This Court has held:

That properly disclosed public records may enable the request[e]r or others, by doing further research, to learn information that is protected from disclosure is not generally a sufficient basis to refuse disclosure. . . . There may be some cases in which the evidence establishes that disclosure of public records which are not facially exempt will necessarily or so easily lead to disclosure of protected information that production of one is tantamount to production of the other, or that disclosure of the one is highly likely to cause the very harm the exemption is designed to prevent . . . .

Hous. Auth. of the City of Pittsburgh v. Van Osdol, 40 A.3d 209, 216 (Pa. Cmwlth. 2012) (emphasis added).

Moreover, we take judicial notice of the fact that Pennsylvania counties vary in size from approximately 130 square miles to approximately 1,230 square miles, with population in those counties ranging

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from 5,010 to 1,536,471.[20] Given these facts, we do not consider the disclosure of a Commonwealth employee's county of residence " tantamount to production" of the employee's home address, " or that disclosure of the [county] is highly likely to cause the very harm the exemption is designed to prevent[.]" Id. (emphasis added). Even if OA could meet the significant burden of demonstrating that the disclosure of the Commonwealth employees' complete addresses was reasonably likely to result in harm, it does not necessarily follow that disclosure of the employees' counties of residence, alone, would carry with it a high likelihood of the same harm, given the lack of location specificity.[21] In the absence of such evidence, we conclude that OA has not met its burden.[22]

Finally, Requester has asked this Court to award attorneys' fees pursuant to Section 1304 of the RTKL, 65 P.S. § 67.1304, because it contends the OA's appeal is frivolous and its denial of records was based upon an unreasonable interpretation of the RTKL. Section 1304 of the RTKL governs the award of court costs and attorneys' fees. That section provides:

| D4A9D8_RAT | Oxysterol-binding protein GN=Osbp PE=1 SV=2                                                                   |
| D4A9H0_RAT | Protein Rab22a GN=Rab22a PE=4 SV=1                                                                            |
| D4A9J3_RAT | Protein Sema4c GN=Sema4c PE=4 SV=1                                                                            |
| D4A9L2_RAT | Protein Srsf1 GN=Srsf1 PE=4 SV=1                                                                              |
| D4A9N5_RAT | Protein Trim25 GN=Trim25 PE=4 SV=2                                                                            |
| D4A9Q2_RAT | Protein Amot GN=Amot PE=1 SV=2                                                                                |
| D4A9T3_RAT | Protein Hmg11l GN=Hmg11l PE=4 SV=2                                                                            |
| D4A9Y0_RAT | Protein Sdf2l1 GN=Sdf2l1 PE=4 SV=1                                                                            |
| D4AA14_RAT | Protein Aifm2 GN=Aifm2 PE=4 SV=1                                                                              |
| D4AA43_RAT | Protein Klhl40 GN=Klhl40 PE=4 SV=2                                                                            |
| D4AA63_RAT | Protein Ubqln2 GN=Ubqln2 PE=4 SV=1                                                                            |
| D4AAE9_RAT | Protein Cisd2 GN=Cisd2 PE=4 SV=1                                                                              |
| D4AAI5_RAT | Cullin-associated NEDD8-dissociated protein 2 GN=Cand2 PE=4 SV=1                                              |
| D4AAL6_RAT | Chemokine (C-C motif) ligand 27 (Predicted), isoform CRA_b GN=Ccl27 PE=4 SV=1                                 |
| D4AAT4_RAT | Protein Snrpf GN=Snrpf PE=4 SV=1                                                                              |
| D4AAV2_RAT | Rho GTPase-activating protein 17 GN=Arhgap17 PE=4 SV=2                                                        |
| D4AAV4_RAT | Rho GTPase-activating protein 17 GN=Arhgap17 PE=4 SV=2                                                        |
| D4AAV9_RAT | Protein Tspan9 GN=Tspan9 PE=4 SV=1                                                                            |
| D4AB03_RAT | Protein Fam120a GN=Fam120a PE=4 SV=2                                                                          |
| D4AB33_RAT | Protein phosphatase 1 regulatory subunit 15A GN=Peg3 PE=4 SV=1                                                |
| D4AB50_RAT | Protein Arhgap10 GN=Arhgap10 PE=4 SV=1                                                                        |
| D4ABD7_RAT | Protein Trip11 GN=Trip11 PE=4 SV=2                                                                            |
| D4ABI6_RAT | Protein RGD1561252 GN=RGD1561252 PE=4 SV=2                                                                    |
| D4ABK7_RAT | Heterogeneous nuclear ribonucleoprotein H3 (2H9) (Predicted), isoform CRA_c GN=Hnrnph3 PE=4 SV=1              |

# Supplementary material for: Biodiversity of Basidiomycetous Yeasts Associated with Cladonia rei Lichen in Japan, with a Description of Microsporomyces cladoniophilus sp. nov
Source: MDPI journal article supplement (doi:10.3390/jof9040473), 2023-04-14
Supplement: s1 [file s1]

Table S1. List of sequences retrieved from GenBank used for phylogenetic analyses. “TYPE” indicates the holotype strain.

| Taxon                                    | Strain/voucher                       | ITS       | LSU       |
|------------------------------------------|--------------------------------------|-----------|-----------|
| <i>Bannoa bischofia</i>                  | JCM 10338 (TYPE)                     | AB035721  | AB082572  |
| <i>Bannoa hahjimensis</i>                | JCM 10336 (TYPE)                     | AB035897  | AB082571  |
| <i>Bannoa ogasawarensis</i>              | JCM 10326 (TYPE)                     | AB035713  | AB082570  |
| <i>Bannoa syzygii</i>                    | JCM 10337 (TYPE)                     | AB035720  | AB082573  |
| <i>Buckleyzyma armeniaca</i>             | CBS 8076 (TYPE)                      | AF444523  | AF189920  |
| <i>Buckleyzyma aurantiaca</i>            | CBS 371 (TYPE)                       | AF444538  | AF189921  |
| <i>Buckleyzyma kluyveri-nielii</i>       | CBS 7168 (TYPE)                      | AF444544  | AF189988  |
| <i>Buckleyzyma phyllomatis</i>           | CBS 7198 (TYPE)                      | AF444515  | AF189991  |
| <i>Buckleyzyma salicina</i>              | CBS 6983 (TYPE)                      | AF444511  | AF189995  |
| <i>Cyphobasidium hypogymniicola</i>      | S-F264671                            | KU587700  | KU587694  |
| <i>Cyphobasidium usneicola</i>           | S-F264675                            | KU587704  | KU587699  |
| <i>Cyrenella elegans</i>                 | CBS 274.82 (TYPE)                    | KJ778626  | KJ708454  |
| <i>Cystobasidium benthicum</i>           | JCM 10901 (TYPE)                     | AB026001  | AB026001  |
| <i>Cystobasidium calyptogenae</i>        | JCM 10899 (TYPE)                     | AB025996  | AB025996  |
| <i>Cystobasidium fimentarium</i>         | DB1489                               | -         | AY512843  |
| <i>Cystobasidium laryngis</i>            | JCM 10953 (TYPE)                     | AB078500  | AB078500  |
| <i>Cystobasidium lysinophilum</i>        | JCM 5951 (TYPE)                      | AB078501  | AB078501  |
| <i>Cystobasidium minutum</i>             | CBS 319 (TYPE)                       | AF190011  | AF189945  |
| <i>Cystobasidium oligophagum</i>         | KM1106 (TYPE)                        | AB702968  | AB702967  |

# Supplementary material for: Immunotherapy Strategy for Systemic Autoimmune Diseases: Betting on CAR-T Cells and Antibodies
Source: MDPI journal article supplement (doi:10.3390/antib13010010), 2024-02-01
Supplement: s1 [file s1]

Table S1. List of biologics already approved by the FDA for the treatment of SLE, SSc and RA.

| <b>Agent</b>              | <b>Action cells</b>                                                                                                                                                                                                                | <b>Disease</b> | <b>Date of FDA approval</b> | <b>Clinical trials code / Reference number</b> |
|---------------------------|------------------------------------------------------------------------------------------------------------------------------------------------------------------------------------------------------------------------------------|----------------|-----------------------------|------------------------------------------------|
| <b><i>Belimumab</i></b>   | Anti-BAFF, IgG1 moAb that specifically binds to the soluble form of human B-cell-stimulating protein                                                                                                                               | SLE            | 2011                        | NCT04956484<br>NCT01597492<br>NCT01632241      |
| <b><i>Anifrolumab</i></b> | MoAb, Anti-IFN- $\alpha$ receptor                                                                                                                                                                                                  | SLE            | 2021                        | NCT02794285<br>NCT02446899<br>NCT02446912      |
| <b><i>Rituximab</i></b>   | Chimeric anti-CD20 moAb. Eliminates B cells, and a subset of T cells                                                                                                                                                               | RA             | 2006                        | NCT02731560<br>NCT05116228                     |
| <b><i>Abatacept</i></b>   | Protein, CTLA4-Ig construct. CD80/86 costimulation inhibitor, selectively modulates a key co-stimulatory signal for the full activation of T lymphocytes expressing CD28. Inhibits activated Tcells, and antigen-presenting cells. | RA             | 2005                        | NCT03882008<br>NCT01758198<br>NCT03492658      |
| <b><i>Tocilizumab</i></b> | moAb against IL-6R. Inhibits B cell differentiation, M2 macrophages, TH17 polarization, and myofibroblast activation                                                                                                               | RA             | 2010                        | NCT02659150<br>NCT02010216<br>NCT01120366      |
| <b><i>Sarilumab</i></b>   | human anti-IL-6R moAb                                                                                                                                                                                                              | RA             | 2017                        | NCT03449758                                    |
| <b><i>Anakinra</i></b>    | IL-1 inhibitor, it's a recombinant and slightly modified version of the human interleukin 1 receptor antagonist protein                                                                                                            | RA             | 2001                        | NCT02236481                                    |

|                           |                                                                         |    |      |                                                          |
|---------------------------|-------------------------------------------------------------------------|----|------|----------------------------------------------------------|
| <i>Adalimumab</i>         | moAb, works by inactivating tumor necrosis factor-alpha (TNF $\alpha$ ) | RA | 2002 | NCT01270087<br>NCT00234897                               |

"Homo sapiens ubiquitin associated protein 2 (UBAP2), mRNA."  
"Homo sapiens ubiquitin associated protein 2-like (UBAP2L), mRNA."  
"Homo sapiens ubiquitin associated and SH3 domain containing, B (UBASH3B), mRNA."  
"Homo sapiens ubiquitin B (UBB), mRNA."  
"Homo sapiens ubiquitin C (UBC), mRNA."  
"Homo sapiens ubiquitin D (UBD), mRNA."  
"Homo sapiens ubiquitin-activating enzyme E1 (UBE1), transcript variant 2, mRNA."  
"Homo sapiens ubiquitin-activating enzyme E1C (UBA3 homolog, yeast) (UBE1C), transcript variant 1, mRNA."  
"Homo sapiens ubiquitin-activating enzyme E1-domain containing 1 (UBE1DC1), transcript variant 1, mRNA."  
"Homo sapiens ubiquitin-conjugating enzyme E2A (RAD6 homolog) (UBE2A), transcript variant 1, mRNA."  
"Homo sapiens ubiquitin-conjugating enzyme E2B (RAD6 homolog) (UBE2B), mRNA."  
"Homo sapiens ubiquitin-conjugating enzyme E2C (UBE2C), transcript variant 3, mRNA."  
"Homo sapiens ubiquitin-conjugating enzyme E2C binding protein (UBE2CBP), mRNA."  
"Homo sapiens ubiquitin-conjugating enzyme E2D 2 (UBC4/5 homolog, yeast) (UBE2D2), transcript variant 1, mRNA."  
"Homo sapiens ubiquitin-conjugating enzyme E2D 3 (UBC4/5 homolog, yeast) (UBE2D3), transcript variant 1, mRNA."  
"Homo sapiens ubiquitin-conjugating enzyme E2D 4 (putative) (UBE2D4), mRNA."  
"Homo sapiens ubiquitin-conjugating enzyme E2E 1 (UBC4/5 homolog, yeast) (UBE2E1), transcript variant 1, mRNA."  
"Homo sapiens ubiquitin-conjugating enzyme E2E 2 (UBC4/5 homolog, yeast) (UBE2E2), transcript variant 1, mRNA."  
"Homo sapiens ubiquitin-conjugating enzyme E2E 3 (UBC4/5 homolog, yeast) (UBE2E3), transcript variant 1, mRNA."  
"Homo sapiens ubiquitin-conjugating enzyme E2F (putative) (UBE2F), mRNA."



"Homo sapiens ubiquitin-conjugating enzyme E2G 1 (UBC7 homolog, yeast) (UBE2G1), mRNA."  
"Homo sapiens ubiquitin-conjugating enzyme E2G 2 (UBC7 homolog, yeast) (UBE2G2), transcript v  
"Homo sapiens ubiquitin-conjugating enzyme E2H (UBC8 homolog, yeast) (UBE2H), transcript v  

(a) Reversal of agency determination.-- If a court reverses the final determination of the appeals officer or grants access to a record after a request for access was deemed denied, the court may award reasonable attorney fees and costs of litigation or an appropriate portion thereof to a requester if the court finds either of the following:
(1) the agency receiving the original request willfully or with wanton disregard deprived the requester of access to a public record subject to access or otherwise acted in bad faith under the provisions of this act; or
(2) the exemptions, exclusions or defenses asserted by the agency in its final determination were not based on a reasonable interpretation of law.
(b) Sanctions for frivolous requests or appeals.-- The court may award reasonable attorney fees and costs of litigation or an appropriate portion thereof to an agency or the requester if the court

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finds that the legal challenge under this chapter was frivolous.
(c) Other sanctions.-- Nothing in this act shall prohibit a court from imposing penalties and costs in accordance with applicable rules of court.

65 P.S. § 67.1304. Although we disagree with OA's legal position in the instant matter, we recognize the legitimacy of OA's general concerns regarding the personal security of the affected individuals and note its reasonable attempt to satisfy the RTKL's disclosure exemptions given the lack of clearly established law as it pertains to requests solely for employees' counties of residence where disclosure of the employees' home addresses were denied. Accordingly, we do not find an award of attorneys' fees to be warranted.

For all of the above reasons, the OOR's Final Determination is affirmed.

ORDER

AND NOW, this 20th day of November, 2014, the Office of Open Records' February 26, 2014 Final Determination is affirmed.

DISSENTING OPINION

COHN JUBELIRER, JUDGE

I respectfully dissent. Rather than affirm the Office of Open Records' (OOR) Final Determination, I believe this matter should be remanded to the OOR to examine, as requested by the Governor's Office of Administration (OA), the evidence submitted by numerous Commonwealth agencies in a case involving the same Requester, Pennsylvanians for Union Reform v. State Employees Retirement System (PFUR v. SERS), OOR Dkt. AP 2013-1830.